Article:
<div class="container_12">
<div class="grid_4">1</div><div class="grid_4">2</div><div class="grid_4">3</div>
<div class="clear"></div>
<div class="grid_12">123</div>
</div>
Respondent: Jeff

Solution #8:

I’ve had some success, although it relies on a few properties to work:

table-layout: fixed
border-collapse: separate

and cell ‘widths’ that divide/span easily, i.e. 4 x cells of 25% width:

.div-table-cell,
* {
  box-sizing: border-box;
}

.div-table {
  display: table;
  border: solid 1px #ccc;
  border-left: none;
  border-bottom: none;
  table-layout: fixed;
  margin: 10px auto;
  width: 50%;
  border-collapse: separate;
  background: #eee;
}

.div-table-row {
  display: table-row;
}

.div-table-cell {
  display: table-cell;
  padding: 15px;
  border-left: solid 1px #ccc;
  border-bottom: solid 1px #ccc;
  text-align: center;
  background: #ddd;
}

.colspan-3 {
  width: 300%;
  display: table;
  background: #eee;
}

.row-1 .div-table-cell:before {
  content: "row 1: ";
}

.row-2 .div-table-cell:before {
  content: "row 2: ";
}

.row-3 .div-table-cell:before {
  content: "row 3: ";
  font-weight: bold;
}

.div-table-row-at-the-top {
  display: table-header-group;
}
<div class="div-table">

  <div class="div-table-row row-1">

    <div class="div-table-cell">Cell 1</div>
    <div class="div-table-cell">Cell 2</div>
    <div class="div-table-cell">Cell 3</div>

  </div>

  <div class="div-table-row row-2">

    <div class="div-table-cell colspan-3">
      Cor blimey he's only gone and done it.
    </div>

  </div>

  <div class="div-table-row row-3">

    <div class="div-table-cell">Cell 1</div>
    <div class="div-table-cell">Cell 2</div>
    <div class="div-table-cell">Cell 3</div>

  </div>

</div>

https://jsfiddle.net/sfjw26rb/2/

Also, applying display:table-header-group or table-footer-group is a handy way of jumping ‘row’ elements to the top/bottom of the ‘table’.

Respondent: user3464561

Solution #9:

Try adding display: table-cell; width: 1%; to your table cell element.

Respondent: Ismail Farooq

Solution #10:

if you use div and span it will occupy more code size when the datagrid-table row are more in volume. This below code is checked in all browsers

HTML:

<div id="gridheading">
<h4>Sl.No</h4><h4 class="big">Name</h4><h4>Location</h4><h4>column</h4><h4>column</h4><h4>column</h4><h4>Amount(Rs)</h4><h4>View</h4><h4>Edit</h4><h4>Delete</h4>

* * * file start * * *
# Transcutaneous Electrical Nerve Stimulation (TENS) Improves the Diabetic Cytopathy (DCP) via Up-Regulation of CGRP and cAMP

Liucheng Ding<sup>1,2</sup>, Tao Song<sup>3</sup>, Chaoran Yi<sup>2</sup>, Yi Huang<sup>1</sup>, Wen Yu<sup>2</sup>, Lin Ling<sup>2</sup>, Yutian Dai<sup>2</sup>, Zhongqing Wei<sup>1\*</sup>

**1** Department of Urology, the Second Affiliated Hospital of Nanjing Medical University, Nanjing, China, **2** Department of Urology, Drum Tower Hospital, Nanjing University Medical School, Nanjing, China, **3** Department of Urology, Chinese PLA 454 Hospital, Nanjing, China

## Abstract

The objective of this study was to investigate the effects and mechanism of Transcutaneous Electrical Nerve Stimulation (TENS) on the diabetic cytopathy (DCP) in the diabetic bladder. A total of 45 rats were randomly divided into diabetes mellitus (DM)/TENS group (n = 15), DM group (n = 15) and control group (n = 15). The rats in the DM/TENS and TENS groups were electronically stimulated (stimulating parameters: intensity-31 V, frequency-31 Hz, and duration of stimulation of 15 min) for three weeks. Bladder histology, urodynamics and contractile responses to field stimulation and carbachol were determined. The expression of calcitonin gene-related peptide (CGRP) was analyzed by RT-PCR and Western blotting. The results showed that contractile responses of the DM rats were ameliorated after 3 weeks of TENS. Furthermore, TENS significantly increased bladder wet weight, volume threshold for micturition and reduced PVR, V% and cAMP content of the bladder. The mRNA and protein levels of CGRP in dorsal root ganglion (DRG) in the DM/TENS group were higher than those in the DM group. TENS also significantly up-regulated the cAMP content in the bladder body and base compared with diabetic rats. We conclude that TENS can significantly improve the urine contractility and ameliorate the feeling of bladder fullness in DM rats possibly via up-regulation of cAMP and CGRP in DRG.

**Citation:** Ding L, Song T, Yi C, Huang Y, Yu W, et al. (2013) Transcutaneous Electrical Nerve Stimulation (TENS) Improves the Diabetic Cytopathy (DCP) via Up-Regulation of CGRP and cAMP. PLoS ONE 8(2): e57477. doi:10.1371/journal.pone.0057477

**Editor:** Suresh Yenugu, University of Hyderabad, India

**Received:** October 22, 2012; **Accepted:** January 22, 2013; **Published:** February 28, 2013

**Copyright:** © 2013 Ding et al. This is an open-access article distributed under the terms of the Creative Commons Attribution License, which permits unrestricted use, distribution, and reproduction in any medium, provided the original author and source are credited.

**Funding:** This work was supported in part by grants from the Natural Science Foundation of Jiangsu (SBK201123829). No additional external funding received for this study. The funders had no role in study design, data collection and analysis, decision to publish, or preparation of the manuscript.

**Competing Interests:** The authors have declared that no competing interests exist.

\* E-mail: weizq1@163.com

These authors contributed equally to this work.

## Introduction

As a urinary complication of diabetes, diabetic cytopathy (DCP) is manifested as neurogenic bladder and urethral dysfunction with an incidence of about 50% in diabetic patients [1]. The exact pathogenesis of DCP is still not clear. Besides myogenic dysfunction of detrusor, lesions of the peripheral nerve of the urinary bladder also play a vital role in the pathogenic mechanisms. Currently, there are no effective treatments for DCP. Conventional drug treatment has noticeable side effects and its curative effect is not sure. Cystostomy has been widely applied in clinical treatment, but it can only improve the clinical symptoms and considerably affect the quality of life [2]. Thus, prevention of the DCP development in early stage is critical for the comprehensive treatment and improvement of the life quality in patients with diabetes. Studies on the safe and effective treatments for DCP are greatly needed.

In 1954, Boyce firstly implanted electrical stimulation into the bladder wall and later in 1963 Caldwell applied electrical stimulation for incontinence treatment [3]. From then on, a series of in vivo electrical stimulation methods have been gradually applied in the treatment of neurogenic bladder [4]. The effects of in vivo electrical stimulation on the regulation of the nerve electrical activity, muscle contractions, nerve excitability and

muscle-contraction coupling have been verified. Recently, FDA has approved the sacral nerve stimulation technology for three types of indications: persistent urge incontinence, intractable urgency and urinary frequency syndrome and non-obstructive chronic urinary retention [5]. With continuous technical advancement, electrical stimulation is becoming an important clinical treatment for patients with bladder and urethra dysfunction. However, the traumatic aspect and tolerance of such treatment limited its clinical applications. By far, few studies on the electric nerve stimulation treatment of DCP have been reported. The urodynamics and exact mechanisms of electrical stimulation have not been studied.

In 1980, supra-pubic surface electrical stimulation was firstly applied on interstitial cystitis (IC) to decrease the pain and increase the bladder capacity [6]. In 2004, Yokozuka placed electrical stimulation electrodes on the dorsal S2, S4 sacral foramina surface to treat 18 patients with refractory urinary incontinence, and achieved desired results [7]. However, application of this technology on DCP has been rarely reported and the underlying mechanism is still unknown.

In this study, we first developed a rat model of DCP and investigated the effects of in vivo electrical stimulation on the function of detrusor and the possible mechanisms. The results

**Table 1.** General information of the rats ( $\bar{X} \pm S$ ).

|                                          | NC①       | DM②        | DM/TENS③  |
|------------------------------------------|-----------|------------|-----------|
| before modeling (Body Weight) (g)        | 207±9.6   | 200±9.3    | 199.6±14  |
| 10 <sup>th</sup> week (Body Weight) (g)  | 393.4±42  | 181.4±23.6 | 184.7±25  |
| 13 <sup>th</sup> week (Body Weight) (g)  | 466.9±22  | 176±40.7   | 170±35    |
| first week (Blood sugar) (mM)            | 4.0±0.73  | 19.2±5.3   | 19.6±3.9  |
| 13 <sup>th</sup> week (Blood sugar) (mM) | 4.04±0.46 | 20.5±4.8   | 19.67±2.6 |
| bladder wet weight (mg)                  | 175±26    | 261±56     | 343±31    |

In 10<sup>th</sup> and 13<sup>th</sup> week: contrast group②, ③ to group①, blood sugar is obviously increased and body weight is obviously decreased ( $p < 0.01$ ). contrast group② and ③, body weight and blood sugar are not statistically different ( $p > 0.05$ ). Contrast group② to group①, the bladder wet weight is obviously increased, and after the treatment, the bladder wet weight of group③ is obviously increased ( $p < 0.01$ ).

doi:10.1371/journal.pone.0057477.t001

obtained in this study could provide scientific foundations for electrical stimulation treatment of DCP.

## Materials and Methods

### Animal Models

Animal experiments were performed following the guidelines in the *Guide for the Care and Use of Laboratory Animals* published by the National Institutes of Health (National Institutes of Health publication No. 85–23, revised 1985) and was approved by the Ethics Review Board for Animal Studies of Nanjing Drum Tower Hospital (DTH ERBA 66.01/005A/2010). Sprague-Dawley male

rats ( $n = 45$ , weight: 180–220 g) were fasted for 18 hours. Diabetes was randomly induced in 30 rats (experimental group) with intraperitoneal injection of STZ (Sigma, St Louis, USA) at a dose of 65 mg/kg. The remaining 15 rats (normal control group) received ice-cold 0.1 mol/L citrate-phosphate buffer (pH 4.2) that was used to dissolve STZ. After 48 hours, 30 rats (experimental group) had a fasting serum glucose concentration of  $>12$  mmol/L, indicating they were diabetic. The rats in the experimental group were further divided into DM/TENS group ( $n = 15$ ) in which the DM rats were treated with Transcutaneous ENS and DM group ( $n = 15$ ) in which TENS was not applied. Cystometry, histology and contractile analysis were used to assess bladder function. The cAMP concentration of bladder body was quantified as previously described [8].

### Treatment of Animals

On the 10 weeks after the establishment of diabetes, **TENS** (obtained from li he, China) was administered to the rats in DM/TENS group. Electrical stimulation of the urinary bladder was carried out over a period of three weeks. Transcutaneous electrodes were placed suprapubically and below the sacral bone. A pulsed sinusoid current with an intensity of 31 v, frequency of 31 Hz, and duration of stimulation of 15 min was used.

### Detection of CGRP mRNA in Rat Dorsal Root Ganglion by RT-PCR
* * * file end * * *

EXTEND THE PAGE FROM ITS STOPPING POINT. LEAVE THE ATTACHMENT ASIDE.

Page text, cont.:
</div>
<div class="data"> 
<h4>01</h4><h4 class="big">test</h4><h4>TVM</h4><h4>A</h4><h4>I</h4><h4>4575</h4><h4>4575</h4></div>
<div class="data"> 
<h4>01</h4><h4 class="big">test</h4><h4>TVM</h4><h4>A</h4><h4>I</h4><h4>4575</h4><h4>4575</h4></div>

CSS:

#gridheading {
    background: #ccc;
    border-bottom: 1px dotted #BBBBBB;
    font-size: 12px;
    line-height: 30px;
    text-transform: capitalize;
}
.data {
    border-bottom: 1px dotted #BBBBBB;
    display: block;
    font-weight: normal;
    line-height: 20px;
    text-align: left;
    word-wrap: break-word;
}
 h4 {
    border-right: thin dotted #000000;
    display: table-cell;
    margin-right: 100px;
    text-align: center;
    width: 100px;
    word-wrap: break-word;
}
.data .big {
    margin-right: 150px;
    width: 200px;
}

Solution #11:

column-span: all; /* W3C */
-webkit-column-span: all; /* Safari & Chrome */
-moz-column-span: all; /* Firefox */
-ms-column-span: all; /* Internet Explorer */
-o-column-span: all; /* Opera */

http://www.quackit.com/css/css3/properties/css_column-span.cfm

Respondent: Adam Hunter Peck

Solution #12:

If you come here because you have to turn on or off the colspan attribute (say for a mobile layout):

Duplicate the <td>s and only show the ones with the desired colspan:

table.colspan--on td.single {
  display: none;
}

table.colspan--off td.both {
  display: none;
}
<!-- simple table -->
<table class="colspan--on">
  <thead>
    <th>col 1</th>
    <th>col 2</th>
  </thead>
  <tbody>
    <tr>
      <!-- normal row -->
      <td>a</td>
      <td>b</td>
    </tr>
    <tr>
      <!-- the <td> spanning both columns -->
      <td class="both" colspan="2">both</td>

      <!-- the two single-column <td>s -->
      <td class="single">A</td>
      <td class="single">B</td>
    </tr>
    <tr>
      <!-- normal row -->
      <td>a</td>
      <td>b</td>
    </tr>
  </tbody>
</table>
<!--
that's all
-->

 

<!--
stuff only needed for making this interactive example looking good:
-->
<br><br>
<button onclick="toggle()">Toggle colspan</button>
<script>/*toggle classes*/var tableClasses = document.querySelector('table').classList;
function toggle() {
  tableClasses.toggle('colspan--on');